• Having eaten their way through the grilled meat, corn, shellfish, crab, pork soup and onigiri, everyone’s feeling the effects of the food wall, although not yet reaching a point where they get the legendary meat sweats. Both are encountered by Adam Richman in Man v. Food: the former is simply a consequence of beginning to fatigue from eating too much, but the “meat sweats” specifically refers to the phenomenon where one begins sweating profusely after eating excessive meat. This arises because proteins take a considerable amount of energy to digest, and the increased energy corresponds with increased heat production, which in turn results in sweating.

  • As their dinner winds down, Futaba receives a message from Chizuru, who shares her evening’s events with Futaba. Having eaten enough to impress the likes of Adam Richman, Futaba squeals in response to Chizuru’s photo of meat on a grill. Chizuru and Akane later call Futaba: it was a pleasant surprise to see Akane and Chizuru again. They’re essentially ARIA‘s Akari and Aika in the real world, sharing their respective voice actresses, and in this moment, some call-outs to ARIA can be seen. The Orange Planet emblem is seen on a pillow, and Akane is holding a Maa doll.

  • Today’s page quote comes from this moment. When Futaba voices her worries to Hikari about the possibility of them parting ways, Hikari reassures Futaba that even if this was to happen, then the only thing to do is to live in the present and make the most of the now. Both Hikari and Futaba represent the extreme ends on a spectrum, and in reality, people will find that they fall on a continuum between the two. I personally am more similar to Futaba; it takes me a bit of a kick to get me out of my comfort zone.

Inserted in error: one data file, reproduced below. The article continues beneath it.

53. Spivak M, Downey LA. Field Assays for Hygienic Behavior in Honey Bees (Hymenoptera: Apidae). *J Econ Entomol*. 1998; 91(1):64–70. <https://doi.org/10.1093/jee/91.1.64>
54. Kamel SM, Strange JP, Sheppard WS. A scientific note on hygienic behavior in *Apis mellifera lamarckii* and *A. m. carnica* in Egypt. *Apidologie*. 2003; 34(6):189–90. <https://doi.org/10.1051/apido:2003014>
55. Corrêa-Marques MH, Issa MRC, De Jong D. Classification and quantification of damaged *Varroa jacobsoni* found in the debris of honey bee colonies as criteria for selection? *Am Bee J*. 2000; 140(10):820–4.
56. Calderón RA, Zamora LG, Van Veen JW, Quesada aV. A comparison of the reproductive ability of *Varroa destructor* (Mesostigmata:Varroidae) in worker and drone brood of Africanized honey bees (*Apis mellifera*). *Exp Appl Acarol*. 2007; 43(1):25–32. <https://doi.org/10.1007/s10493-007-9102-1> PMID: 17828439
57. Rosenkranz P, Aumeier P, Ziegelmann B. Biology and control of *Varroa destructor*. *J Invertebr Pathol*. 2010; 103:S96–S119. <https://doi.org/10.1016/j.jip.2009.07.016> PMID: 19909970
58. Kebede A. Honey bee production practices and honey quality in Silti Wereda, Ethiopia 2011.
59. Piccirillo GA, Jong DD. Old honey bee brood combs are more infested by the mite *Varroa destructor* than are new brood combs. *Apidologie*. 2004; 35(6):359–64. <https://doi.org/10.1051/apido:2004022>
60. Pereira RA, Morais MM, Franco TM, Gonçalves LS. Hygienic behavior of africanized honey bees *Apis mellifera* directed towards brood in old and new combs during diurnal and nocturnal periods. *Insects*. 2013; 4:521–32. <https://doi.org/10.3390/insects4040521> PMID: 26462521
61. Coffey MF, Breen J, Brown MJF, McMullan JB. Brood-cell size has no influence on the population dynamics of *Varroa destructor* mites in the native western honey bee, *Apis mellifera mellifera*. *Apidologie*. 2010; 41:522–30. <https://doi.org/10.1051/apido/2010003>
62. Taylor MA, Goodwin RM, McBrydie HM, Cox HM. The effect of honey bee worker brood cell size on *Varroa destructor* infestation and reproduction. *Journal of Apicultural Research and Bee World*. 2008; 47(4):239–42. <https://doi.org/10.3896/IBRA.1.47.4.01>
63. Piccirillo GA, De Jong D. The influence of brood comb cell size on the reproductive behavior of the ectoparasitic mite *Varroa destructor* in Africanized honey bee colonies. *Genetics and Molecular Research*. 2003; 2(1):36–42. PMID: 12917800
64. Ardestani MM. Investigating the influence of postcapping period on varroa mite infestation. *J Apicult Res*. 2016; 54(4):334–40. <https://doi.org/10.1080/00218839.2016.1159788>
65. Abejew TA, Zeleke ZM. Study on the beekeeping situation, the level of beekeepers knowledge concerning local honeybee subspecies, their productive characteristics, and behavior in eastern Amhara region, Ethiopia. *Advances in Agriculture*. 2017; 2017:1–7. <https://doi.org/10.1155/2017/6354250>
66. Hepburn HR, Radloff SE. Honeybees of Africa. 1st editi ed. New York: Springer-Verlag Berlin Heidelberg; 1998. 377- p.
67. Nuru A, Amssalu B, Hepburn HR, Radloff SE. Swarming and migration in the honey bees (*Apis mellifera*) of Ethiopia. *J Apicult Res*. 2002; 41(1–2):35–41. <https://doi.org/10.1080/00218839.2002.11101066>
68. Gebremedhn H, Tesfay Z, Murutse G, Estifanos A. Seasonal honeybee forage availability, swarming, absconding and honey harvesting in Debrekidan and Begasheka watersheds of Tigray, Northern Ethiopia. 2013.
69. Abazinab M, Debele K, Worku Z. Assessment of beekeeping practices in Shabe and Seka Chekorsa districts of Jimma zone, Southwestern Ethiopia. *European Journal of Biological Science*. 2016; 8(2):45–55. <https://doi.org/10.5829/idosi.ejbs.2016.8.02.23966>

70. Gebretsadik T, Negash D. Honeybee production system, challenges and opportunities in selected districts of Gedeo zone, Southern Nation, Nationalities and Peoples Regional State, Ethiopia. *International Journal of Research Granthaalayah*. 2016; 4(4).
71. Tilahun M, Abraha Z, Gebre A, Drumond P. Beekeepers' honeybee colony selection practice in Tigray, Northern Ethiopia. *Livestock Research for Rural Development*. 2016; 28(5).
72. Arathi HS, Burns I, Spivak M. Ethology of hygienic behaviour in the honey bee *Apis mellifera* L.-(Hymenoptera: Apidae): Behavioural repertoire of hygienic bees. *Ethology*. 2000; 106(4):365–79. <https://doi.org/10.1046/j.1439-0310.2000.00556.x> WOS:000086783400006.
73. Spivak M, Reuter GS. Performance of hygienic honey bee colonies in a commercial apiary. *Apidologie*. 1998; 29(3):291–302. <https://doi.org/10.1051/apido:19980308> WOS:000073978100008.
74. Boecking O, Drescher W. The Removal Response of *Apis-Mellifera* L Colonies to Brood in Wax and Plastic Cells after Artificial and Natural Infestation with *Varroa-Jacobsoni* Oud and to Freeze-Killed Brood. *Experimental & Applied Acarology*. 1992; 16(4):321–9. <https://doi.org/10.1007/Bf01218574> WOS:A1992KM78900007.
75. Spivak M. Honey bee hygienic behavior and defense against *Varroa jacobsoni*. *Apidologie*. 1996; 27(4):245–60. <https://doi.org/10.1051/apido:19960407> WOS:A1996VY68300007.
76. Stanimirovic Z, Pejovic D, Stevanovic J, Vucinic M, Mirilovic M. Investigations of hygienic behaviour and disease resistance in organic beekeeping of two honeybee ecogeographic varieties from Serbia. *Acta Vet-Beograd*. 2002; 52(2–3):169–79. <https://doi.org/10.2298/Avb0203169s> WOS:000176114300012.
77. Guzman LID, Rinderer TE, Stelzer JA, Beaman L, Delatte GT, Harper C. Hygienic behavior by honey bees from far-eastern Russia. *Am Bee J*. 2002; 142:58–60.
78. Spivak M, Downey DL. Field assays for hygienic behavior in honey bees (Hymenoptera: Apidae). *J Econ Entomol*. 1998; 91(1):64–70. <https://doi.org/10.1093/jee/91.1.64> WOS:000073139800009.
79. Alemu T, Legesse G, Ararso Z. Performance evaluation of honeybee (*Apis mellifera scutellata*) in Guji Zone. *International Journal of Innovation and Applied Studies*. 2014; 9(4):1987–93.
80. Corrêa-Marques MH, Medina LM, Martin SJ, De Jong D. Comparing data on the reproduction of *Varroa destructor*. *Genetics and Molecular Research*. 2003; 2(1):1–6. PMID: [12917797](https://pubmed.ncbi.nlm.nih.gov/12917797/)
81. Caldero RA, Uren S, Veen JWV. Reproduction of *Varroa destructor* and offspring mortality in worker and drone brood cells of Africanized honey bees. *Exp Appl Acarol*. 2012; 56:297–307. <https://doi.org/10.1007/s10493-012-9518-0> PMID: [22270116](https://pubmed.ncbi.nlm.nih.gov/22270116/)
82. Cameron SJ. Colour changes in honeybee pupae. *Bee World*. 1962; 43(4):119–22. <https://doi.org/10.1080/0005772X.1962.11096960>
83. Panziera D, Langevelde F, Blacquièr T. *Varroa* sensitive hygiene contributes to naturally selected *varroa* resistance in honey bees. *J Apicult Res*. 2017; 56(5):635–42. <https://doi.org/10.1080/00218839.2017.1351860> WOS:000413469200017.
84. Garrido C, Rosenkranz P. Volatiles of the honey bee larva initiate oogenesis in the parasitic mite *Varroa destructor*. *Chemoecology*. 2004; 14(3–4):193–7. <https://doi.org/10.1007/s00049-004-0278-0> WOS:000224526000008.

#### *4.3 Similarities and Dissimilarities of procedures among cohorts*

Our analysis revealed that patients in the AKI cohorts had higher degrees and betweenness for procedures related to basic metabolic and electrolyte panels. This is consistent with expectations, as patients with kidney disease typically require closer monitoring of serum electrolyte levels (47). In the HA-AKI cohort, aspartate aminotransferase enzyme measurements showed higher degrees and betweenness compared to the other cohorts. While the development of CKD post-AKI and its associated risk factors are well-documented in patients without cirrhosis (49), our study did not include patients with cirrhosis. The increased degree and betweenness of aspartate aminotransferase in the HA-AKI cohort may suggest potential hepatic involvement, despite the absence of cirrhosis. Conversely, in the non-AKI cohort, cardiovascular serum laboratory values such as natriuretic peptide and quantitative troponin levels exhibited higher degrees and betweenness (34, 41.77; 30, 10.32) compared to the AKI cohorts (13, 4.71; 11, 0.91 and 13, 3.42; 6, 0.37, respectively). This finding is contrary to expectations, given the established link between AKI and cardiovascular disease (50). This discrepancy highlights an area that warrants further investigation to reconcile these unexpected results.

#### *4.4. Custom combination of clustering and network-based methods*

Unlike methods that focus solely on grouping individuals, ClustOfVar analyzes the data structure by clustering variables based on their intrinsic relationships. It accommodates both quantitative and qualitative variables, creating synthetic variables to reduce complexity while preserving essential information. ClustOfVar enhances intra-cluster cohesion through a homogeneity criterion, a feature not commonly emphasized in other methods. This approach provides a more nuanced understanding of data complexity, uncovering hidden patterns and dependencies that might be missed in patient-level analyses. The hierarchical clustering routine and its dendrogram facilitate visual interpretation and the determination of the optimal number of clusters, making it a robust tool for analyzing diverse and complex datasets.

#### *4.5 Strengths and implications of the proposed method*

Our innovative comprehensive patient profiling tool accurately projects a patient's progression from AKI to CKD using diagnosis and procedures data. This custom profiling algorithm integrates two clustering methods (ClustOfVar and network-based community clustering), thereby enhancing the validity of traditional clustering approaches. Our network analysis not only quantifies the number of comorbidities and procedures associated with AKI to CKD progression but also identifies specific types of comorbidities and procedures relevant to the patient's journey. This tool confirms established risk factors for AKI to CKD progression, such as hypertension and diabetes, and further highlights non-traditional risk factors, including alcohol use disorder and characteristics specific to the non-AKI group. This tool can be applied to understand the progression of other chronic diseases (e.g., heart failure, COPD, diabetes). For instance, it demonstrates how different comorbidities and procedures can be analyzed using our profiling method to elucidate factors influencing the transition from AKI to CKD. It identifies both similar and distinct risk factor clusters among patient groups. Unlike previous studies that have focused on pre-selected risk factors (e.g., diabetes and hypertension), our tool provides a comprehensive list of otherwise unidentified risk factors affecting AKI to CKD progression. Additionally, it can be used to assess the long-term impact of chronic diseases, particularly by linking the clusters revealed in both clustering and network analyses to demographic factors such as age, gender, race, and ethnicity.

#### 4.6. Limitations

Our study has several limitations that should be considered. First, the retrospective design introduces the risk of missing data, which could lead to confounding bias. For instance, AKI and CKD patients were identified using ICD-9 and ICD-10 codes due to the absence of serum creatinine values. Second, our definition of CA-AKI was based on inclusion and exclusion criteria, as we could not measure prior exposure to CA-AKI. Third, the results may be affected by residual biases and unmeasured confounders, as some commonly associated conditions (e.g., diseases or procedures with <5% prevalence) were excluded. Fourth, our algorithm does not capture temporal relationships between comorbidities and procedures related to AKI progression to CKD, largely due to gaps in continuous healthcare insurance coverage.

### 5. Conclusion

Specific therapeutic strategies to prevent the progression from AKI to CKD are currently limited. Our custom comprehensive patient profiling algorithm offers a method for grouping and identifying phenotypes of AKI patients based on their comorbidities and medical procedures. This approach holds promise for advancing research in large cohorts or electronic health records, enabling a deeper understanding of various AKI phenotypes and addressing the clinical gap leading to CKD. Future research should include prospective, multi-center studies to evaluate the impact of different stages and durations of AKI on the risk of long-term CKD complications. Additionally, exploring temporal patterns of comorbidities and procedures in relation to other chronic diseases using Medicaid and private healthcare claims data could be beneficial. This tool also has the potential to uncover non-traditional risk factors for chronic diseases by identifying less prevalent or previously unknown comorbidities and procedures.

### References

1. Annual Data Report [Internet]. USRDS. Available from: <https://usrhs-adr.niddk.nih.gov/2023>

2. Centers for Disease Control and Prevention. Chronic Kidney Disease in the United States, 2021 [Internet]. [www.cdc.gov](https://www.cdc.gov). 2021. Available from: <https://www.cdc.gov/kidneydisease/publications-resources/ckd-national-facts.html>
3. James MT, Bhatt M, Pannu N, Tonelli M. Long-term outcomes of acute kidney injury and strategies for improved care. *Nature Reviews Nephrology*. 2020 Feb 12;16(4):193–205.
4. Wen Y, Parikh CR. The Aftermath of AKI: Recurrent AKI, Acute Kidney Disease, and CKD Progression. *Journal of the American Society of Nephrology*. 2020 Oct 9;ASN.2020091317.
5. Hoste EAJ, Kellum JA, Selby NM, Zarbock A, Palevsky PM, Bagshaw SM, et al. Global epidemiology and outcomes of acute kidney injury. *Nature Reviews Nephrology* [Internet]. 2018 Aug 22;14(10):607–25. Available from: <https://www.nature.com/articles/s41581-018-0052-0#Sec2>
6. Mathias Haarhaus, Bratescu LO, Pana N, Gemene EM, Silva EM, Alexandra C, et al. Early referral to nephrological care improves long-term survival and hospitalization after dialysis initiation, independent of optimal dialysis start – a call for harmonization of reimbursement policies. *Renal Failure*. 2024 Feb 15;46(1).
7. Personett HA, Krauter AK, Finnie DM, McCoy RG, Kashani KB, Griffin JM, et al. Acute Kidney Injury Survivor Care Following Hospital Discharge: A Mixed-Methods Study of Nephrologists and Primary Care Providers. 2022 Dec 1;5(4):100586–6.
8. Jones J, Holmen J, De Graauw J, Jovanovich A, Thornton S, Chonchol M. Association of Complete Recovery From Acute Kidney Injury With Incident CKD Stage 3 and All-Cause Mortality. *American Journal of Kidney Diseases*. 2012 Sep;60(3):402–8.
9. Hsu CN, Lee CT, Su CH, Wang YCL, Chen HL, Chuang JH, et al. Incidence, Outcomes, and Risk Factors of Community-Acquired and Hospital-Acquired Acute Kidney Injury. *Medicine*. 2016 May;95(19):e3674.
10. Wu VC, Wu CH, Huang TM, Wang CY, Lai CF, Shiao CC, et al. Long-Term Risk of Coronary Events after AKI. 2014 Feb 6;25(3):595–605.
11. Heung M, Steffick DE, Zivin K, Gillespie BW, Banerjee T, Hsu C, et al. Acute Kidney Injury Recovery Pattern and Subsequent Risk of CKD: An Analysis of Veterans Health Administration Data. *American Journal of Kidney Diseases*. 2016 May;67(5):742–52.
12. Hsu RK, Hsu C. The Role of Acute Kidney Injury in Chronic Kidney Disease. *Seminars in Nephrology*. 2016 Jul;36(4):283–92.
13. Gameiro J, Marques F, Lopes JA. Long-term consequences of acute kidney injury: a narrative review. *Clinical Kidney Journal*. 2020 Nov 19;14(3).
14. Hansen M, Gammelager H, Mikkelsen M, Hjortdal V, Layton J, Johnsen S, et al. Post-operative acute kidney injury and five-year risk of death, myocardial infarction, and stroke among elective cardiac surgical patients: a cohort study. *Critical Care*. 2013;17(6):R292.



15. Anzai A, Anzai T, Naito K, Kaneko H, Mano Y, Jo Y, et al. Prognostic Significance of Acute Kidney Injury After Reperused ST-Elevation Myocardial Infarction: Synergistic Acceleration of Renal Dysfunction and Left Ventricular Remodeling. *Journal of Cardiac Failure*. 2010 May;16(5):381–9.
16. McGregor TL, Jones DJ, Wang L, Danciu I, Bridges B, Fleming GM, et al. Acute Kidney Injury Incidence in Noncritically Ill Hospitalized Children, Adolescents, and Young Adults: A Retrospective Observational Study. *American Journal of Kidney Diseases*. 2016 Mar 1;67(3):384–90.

• Because I’m now familiar with Amanchu!, watching the characters revert to chibi form is no longer a bit of a surprise to me. Hikari and Futaba more or less do a mutual kokuhaku here, although given the nature of Amanchu!, I would tend to believe that these feelings are more strongly tied to mutual trust, respect and the understanding that the two friends complement one another is what draws the two to one another, rather than anything associated with romantic love.

  • With the first episode in the books, I say with confidence that Amanchu! Advance is going to be this season’s Yuru Camp△, fulfilling the role of an anime that puts a smile on my face, helps me relax and also prompts me to take a look back and appreciate the simpler things in life. This is the main reason why I continue to watch slice-of-life anime, and I imagine that others of Amanchu!‘s ilk continue to be produced in Japan primarily because there is a market for shows that help people kick back after a day of hard work.